Is Nagoya’s Legoland Flailing?


I remember a while back when I told a Japanese teacher of mine who lived in Nagoya that I might visit the city while I was in Japan.

She looked at me blankly and asked, “Why?”

That conversation popped back into my head today as I read this news from Asahi Shinbun about how Legoland in Nagoya is struggling to pack in visitors [Japanese link].

For those unfamiliar, Nagoya is a city in central Japan (map) that’s (very) roughly midway between Osaka to the west and Tokyo to the east. It’s best known in Japan for Nagaya-jou, an historic castle dating back to the 16th century. It’s also known for recently being voted “the number 1 city no one wants to visit” [Japanese link] by around 80% of Japanese citizens. Legoland is part of the city’s strategy to reverse that trend and get more people to bring their tourist dollars to Nagoya. So far, the attraction has been operating for one month, and this grand strategy is working…kind of:





JTB, [a travel agency] which sells admission tickets and hotel lodgings as a set, has seen a 20% increase in lodging reservations in locations in Aichi Prefecture from April to June. The Oonami Line, which includes Kinjoufutou Station [the location of Legoland] and Nagoya Station, have seen ridership increase by 20% over last year between April 1st and April 20th. Both are as a result of Legoland.

But there are no signs of crowding like at Tokyo Disney Resort (TDR, Chiba Prefecture, Urayasu). “I’m glad I could board any attraction after waiting only 15 minutes,” Watanabe Yoshihiko, a company employee visiting from Toyota in Chiba on Sunday, April 30th, gloated.

On the other hand, there are also complaints about “not being able to bring in bentou boxes and drinks” and “the high price of admission”. Admission for kids ages 3 to 12 is 5300 yen [around $47 US], and for adults (anyone over 13), it’s 6900 yen [about $62 US].

Compared to a one-day ticket at Tokyo Disneyland, the adult admission is cheap, but the price for anyone younger than a high school student is high.

The operating company that runs Legoland says it will not release visitor statistics for the month of April.

One might ask: Why create a major tourist destination in a location that gets little tourism? Many Japanese people avoid Nagoya because of the lack of interesting attractions. For those living in Tokyo, it’s just as easy to visit Kyoto, Osaka, or the newest, hip in-country tourism spot, Kanazawa.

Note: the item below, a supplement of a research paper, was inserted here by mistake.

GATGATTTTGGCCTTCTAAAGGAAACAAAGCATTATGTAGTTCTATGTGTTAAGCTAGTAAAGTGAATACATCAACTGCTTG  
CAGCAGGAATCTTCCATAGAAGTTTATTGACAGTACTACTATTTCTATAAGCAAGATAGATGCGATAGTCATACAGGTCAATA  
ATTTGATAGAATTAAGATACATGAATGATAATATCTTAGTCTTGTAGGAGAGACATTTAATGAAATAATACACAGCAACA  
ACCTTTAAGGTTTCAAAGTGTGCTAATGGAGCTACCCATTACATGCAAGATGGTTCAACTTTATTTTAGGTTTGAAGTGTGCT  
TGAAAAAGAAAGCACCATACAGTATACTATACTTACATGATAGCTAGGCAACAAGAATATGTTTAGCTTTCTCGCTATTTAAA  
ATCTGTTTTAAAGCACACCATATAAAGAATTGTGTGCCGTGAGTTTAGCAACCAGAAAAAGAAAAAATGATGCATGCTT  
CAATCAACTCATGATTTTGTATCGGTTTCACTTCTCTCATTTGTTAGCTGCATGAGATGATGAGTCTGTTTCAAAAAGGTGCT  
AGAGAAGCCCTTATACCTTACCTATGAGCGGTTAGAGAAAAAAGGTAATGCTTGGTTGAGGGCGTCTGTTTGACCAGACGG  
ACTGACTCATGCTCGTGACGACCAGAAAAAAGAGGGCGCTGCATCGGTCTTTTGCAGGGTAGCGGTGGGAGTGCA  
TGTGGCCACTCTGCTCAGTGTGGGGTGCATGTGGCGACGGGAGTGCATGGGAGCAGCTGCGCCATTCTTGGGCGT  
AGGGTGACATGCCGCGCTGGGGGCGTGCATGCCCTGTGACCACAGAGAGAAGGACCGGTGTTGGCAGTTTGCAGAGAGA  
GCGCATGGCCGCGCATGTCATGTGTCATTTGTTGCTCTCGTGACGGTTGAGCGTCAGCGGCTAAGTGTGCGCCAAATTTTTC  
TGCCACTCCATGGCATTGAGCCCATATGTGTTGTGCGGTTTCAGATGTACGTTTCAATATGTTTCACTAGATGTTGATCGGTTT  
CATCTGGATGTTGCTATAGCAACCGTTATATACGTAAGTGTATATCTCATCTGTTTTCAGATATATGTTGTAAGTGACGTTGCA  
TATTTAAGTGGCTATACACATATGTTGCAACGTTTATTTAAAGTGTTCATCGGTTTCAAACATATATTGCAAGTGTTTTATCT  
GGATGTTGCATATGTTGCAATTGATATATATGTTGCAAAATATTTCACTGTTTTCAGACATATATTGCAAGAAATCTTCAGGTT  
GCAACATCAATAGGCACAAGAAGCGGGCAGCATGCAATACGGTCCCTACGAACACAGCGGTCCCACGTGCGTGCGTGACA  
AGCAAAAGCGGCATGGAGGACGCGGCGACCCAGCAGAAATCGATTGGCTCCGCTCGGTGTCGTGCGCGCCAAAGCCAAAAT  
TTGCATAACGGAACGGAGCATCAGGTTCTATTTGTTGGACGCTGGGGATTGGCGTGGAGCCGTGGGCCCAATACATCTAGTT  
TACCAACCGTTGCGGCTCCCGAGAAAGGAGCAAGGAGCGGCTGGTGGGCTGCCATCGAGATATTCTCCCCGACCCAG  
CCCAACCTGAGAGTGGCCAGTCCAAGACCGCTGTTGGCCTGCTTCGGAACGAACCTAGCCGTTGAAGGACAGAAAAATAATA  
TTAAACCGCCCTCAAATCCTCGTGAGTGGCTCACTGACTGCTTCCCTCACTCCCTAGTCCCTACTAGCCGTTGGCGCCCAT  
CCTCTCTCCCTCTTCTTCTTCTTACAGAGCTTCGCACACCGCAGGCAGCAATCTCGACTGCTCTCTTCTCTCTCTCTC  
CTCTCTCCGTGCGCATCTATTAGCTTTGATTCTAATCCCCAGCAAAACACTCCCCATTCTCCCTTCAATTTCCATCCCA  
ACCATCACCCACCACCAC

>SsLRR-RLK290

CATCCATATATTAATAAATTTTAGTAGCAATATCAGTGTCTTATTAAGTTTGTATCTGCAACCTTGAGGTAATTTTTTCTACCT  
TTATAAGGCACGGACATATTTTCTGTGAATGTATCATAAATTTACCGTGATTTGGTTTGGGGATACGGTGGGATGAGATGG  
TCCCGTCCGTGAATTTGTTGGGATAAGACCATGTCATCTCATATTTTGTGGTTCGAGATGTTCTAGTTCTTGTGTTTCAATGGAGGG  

But according to reports from 2014, the decision to build Legoland in Nagoya came down to location, location, location [Japanese link]:



Speaking about the requirements for the location, the BBC reports, “You can get there in two hours from Tokyo, and the central region’s population is 20 million people”. According to the Ministry of Internal Affairs, Nagoya is positioned just about in the center of the central region, with its population of 21,740,000 people, and is about one to two hours from Kansai [the region including Kyoto and Osaka] and about 2 hours from Kantou [the region including Tokyo], meaning it can target customers from Kantou and Kansai.

The construction site is in Kinjoufutou in Nagoya’s Minato ward, and appears around 13 hectares wide (2.8 times larger than the Tokyo Dome). Highway access is good, and you can transfer at Nagoya Station to the Oonami Line and ride to the last stop at Kinjoufutou in about 24 minutes (15km). If you’re traveling by car it’s right after the IC exit、and access from suburban areas like Mie Prefecture’s Toyoake on the west side and Nikka on the east side is also good. In addition, plans are underway to build a large scale parking garage that can fix around 5,000 vehicles.

On paper, it sounds like the ideal location. Is the stiff price and the inability to bring in food really hampering Legoland’s success? Time will tell: the city and Legoland are now trying new marketing strategies, such as a discounted repeat visitor pass, to ensure that this 205 billion yen (appr. $180 million US) investment doesn’t keep shooting bricks.


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